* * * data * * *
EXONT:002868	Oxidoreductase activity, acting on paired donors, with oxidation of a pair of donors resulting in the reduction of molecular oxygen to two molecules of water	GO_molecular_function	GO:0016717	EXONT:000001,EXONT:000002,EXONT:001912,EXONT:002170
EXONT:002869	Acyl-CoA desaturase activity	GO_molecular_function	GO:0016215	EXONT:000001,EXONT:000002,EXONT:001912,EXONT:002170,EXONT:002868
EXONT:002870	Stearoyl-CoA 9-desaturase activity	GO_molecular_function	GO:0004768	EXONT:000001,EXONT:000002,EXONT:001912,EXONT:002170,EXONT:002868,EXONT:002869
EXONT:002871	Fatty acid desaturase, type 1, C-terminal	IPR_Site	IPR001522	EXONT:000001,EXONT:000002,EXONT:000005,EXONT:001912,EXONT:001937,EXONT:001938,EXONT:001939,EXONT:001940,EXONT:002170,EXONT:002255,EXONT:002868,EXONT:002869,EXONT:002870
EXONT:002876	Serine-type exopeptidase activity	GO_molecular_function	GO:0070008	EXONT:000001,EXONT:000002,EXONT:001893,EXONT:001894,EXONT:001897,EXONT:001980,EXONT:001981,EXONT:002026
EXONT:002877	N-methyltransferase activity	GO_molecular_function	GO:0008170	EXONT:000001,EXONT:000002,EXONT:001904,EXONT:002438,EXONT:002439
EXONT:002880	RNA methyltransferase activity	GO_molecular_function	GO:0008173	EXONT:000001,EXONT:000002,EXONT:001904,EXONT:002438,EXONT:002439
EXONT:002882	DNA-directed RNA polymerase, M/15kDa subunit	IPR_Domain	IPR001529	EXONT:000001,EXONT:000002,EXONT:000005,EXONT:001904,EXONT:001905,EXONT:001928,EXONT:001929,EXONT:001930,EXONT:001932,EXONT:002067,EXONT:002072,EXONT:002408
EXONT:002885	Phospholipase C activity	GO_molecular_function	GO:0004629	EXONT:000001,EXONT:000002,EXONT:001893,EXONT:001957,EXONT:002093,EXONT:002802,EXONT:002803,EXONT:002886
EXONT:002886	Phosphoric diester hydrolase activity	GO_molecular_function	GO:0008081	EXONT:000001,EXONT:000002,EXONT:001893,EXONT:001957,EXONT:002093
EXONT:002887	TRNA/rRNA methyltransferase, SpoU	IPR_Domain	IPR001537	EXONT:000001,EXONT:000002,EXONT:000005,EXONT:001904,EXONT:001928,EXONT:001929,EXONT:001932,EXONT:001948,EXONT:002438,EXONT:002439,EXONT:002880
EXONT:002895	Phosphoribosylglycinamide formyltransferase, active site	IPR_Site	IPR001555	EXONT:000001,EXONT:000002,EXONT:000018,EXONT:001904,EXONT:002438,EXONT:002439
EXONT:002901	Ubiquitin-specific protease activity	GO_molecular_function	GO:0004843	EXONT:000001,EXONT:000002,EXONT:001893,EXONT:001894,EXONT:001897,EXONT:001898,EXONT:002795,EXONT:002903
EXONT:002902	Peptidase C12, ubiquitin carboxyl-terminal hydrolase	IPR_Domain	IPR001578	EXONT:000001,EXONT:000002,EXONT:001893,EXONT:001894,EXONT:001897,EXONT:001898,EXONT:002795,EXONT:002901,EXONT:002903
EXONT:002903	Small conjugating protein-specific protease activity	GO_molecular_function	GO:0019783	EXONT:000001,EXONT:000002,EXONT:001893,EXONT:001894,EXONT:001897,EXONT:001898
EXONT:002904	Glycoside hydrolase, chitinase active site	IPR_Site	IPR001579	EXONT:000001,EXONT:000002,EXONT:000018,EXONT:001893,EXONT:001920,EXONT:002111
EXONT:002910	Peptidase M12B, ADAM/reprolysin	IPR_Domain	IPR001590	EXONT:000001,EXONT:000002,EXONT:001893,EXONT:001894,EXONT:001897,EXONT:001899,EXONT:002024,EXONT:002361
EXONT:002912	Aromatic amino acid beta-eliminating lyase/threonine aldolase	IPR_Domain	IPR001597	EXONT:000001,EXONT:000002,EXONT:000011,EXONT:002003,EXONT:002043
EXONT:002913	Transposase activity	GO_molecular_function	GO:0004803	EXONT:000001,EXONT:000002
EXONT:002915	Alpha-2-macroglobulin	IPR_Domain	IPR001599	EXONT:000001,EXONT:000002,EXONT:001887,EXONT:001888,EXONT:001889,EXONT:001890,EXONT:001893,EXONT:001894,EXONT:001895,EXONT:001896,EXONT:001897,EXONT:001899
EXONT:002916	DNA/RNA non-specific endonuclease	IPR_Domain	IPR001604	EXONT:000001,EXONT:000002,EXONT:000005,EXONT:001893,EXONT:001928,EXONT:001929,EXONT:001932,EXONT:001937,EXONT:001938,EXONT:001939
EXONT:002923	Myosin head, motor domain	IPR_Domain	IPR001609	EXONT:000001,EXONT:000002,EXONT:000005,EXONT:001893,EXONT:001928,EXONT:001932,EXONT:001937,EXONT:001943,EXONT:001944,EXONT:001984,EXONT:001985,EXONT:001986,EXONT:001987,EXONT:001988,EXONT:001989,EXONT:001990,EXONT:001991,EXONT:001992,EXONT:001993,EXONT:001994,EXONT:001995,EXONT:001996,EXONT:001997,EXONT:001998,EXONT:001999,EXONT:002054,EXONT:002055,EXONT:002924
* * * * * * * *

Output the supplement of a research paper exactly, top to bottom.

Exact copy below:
EXONT:002868	Oxidoreductase activity, acting on paired donors, with oxidation of a pair of donors resulting in the reduction of molecular oxygen to two molecules of water	GO_molecular_function	GO:0016717	EXONT:000001,EXONT:000002,EXONT:001912,EXONT:002170
EXONT:002869	Acyl-CoA desaturase activity	GO_molecular_function	GO:0016215	EXONT:000001,EXONT:000002,EXONT:001912,EXONT:002170,EXONT:002868
EXONT:002870	Stearoyl-CoA 9-desaturase activity	GO_molecular_function	GO:0004768	EXONT:000001,EXONT:000002,EXONT:001912,EXONT:002170,EXONT:002868,EXONT:002869
EXONT:002871	Fatty acid desaturase, type 1, C-terminal	IPR_Site	IPR001522	EXONT:000001,EXONT:000002,EXONT:000005,EXONT:001912,EXONT:001937,EXONT:001938,EXONT:001939,EXONT:001940,EXONT:002170,EXONT:002255,EXONT:002868,EXONT:002869,EXONT:002870
EXONT:002876	Serine-type exopeptidase activity	GO_molecular_function	GO:0070008	EXONT:000001,EXONT:000002,EXONT:001893,EXONT:001894,EXONT:001897,EXONT:001980,EXONT:001981,EXONT:002026
EXONT:002877	N-methyltransferase activity	GO_molecular_function	GO:0008170	EXONT:000001,EXONT:000002,EXONT:001904,EXONT:002438,EXONT:002439
EXONT:002880	RNA methyltransferase activity	GO_molecular_function	GO:0008173	EXONT:000001,EXONT:000002,EXONT:001904,EXONT:002438,EXONT:002439
EXONT:002882	DNA-directed RNA polymerase, M/15kDa subunit	IPR_Domain	IPR001529	EXONT:000001,EXONT:000002,EXONT:000005,EXONT:001904,EXONT:001905,EXONT:001928,EXONT:001929,EXONT:001930,EXONT:001932,EXONT:002067,EXONT:002072,EXONT:002408
EXONT:002885	Phospholipase C activity	GO_molecular_function	GO:0004629	EXONT:000001,EXONT:000002,EXONT:001893,EXONT:001957,EXONT:002093,EXONT:002802,EXONT:002803,EXONT:002886
EXONT:002886	Phosphoric diester hydrolase activity	GO_molecular_function	GO:0008081	EXONT:000001,EXONT:000002,EXONT:001893,EXONT:001957,EXONT:002093
EXONT:002887	TRNA/rRNA methyltransferase, SpoU	IPR_Domain	IPR001537	EXONT:000001,EXONT:000002,EXONT:000005,EXONT:001904,EXONT:001928,EXONT:001929,EXONT:001932,EXONT:001948,EXONT:002438,EXONT:002439,EXONT:002880
EXONT:002895	Phosphoribosylglycinamide formyltransferase, active site	IPR_Site	IPR001555	EXONT:000001,EXONT:000002,EXONT:000018,EXONT:001904,EXONT:002438,EXONT:002439
EXONT:002901	Ubiquitin-specific protease activity	GO_molecular_function	GO:0004843	EXONT:000001,EXONT:000002,EXONT:001893,EXONT:001894,EXONT:001897,EXONT:001898,EXONT:002795,EXONT:002903
EXONT:002902	Peptidase C12, ubiquitin carboxyl-terminal hydrolase	IPR_Domain	IPR001578	EXONT:000001,EXONT:000002,EXONT:001893,EXONT:001894,EXONT:001897,EXONT:001898,EXONT:002795,EXONT:002901,EXONT:002903
EXONT:002903	Small conjugating protein-specific protease activity	GO_molecular_function	GO:0019783	EXONT:000001,EXONT:000002,EXONT:001893,EXONT:001894,EXONT:001897,EXONT:001898
EXONT:002904	Glycoside hydrolase, chitinase active site	IPR_Site	IPR001579	EXONT:000001,EXONT:000002,EXONT:000018,EXONT:001893,EXONT:001920,EXONT:002111
EXONT:002910	Peptidase M12B, ADAM/reprolysin	IPR_Domain	IPR001590	EXONT:000001,EXONT:000002,EXONT:001893,EXONT:001894,EXONT:001897,EXONT:001899,EXONT:002024,EXONT:002361
EXONT:002912	Aromatic amino acid beta-eliminating lyase/threonine aldolase	IPR_Domain	IPR001597	EXONT:000001,EXONT:000002,EXONT:000011,EXONT:002003,EXONT:002043
EXONT:002913	Transposase activity	GO_molecular_function	GO:0004803	EXONT:000001,EXONT:000002
EXONT:002915	Alpha-2-macroglobulin	IPR_Domain	IPR001599	EXONT:000001,EXONT:000002,EXONT:001887,EXONT:001888,EXONT:001889,EXONT:001890,EXONT:001893,EXONT:001894,EXONT:001895,EXONT:001896,EXONT:001897,EXONT:001899
EXONT:002916	DNA/RNA non-specific endonuclease	IPR_Domain	IPR001604	EXONT:000001,EXONT:000002,EXONT:000005,EXONT:001893,EXONT:001928,EXONT:001929,EXONT:001932,EXONT:001937,EXONT:001938,EXONT:001939
EXONT:002923	Myosin head, motor domain	IPR_Domain	IPR001609	EXONT:000001,EXONT:000002,EXONT:000005,EXONT:001893,EXONT:001928,EXONT:001932,EXONT:001937,EXONT:001943,EXONT:001944,EXONT:001984,EXONT:001985,EXONT:001986,EXONT:001987,EXONT:001988,EXONT:001989,EXONT:001990,EXONT:001991,EXONT:001992,EXONT:001993,EXONT:001994,EXONT:001995,EXONT:001996,EXONT:001997,EXONT:001998,EXONT:001999,EXONT:002054,EXONT:002055,EXONT:002924